Secret network of tunnels found at former Nazi German army HQ raise speculation they could contain legendary Amber Room
Five entrances to a secret network of tunnels have been discovered at the site of Nazi Germany’s eastern army headquarters in what is now north-east Poland.
The previously undiscovered system of underground corridors is now fuelling speculation that they may contain the lost Amber Room or other wartime treasures.
The find, which was made by staff from the Mamerki museum and a group of volunteer historical searchers, is described as the biggest discovery ever made at the 200-hectare forest headquarters.
Bartłomiej Plebańczyk from the museum said: “At the moment based on how the entrances are spaced out, it looks like the tunnel is about 50 metres long, but it could be longer.”
He added: “Some of them have been filled in, perhaps in order to hide them, so we will have to remove a lot of material before we can see what is inside the tunnel.”
Plebańczyk suggested that the tunnel could reveal interesting artefacts from World War II that the Germans wanted to hide.
Theories have been put forward that the Amber Room, known before its disappearance as the Eighth Wonder of the World, may have been hidden under the ground in Mamerki.
The piece of art was stolen by the Germans from the Catherine Palace near St. Petersburg during the war and the 450 kg of amber panels, gems, gold leaf and mirrors that made up the decorations, said to be worth as much as $500 million, were taken to the castle in Königsberg, today’s Kaliningrad.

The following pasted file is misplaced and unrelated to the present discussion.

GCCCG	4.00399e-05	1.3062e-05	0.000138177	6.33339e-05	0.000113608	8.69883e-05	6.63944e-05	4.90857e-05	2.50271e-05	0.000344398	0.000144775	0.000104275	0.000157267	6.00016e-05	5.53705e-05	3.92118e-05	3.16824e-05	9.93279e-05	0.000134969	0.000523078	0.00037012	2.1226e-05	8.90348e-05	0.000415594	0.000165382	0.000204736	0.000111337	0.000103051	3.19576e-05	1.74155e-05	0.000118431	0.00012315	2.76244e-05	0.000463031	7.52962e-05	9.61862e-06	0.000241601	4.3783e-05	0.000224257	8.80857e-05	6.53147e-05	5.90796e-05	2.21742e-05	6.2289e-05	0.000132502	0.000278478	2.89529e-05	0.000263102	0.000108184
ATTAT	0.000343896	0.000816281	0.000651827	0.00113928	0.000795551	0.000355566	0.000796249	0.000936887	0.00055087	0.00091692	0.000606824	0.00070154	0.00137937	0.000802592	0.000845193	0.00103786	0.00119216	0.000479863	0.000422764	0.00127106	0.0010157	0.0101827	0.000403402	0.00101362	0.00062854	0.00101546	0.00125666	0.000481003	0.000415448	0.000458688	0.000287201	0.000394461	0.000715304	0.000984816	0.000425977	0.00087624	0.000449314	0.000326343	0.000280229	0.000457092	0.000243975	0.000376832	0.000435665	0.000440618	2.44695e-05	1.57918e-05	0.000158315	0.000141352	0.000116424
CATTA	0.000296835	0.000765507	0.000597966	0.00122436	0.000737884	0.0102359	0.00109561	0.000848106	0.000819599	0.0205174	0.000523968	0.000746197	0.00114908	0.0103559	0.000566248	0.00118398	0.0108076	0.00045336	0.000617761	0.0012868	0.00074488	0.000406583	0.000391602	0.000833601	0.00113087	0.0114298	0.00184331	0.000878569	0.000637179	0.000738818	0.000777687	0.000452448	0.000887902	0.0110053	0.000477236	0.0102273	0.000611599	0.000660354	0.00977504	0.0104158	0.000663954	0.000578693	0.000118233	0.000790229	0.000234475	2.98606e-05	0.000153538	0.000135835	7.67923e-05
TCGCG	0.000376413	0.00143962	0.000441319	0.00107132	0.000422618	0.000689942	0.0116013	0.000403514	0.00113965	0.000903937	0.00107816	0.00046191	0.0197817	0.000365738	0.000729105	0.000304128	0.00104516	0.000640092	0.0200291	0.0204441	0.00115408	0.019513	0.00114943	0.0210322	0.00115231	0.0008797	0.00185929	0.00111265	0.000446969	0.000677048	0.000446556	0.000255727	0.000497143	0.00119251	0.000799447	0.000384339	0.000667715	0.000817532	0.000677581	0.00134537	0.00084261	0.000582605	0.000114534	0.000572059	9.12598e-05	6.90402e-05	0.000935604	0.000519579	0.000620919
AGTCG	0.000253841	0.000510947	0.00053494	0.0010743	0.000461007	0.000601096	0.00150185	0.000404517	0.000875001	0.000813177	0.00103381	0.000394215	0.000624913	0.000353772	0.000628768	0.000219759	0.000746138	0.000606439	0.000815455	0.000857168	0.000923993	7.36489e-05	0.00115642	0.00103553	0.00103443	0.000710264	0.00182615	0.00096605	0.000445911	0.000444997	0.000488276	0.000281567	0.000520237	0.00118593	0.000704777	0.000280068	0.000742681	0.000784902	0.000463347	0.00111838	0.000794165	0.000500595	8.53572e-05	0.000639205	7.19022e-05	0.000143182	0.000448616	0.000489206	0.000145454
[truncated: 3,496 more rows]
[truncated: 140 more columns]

They have never been seen since.
Many theories about their fate have been put forward, including that they were destroyed when the castle in Königsberg was bombed by the RAF, or destroyed by Soviet shelling during the siege of the city.
Plebańczyk said: “The tunnel is part of a hitherto unknown system of underground corridors that requires careful penetration. It may be an ideal place to hide treasure.
“Will it lead to the Amber Chamber? So far nothing can be ruled out.
“First we need to prepare the formal legal opinions necessary to carry out this operation and get permission from the local heritage protection office.”
The concrete bunkers in Mamerki cover an area of about 200 hectares. Even though 75 years have passed since the end of the war, Plebańczyk believes there is still much to be found.
The museum often carries out archaeological work at the site in the spring before the main tourist season.
This year’s find is not the first one at the site to fuel speculation that the Amber Room may be hidden underground there.
Last year, what was thought to be another tunnel entrance was discovered. However, it turned out to lead nowhere.
The complex of bunkers from the time of the Third Reich is the best-preserved site of this type in Poland.
During World War II, Mauerwald was the headquarters of the Oberkommando des Heeres, the Nazi High Command of Land Forces.
Around 1,500 soldiers, including generals and officers, were stationed at the Wehrmacht quarters in Masuria during World War II.
In total, the Mamerki complex consisted of more than 250 military objects of various types, but only the large bunkers have survived to this day. The largest has walls 7 metres thick.
Many of the surviving bunkers and their connecting tunnels are now open to the public and form part of a museum telling the story of the war.
However, very few artefacts of the war have been found at the site. Museum officials are confident that further searches will lead to their discovery.
The opening and exploration of the tunnel is planned for the second half of June.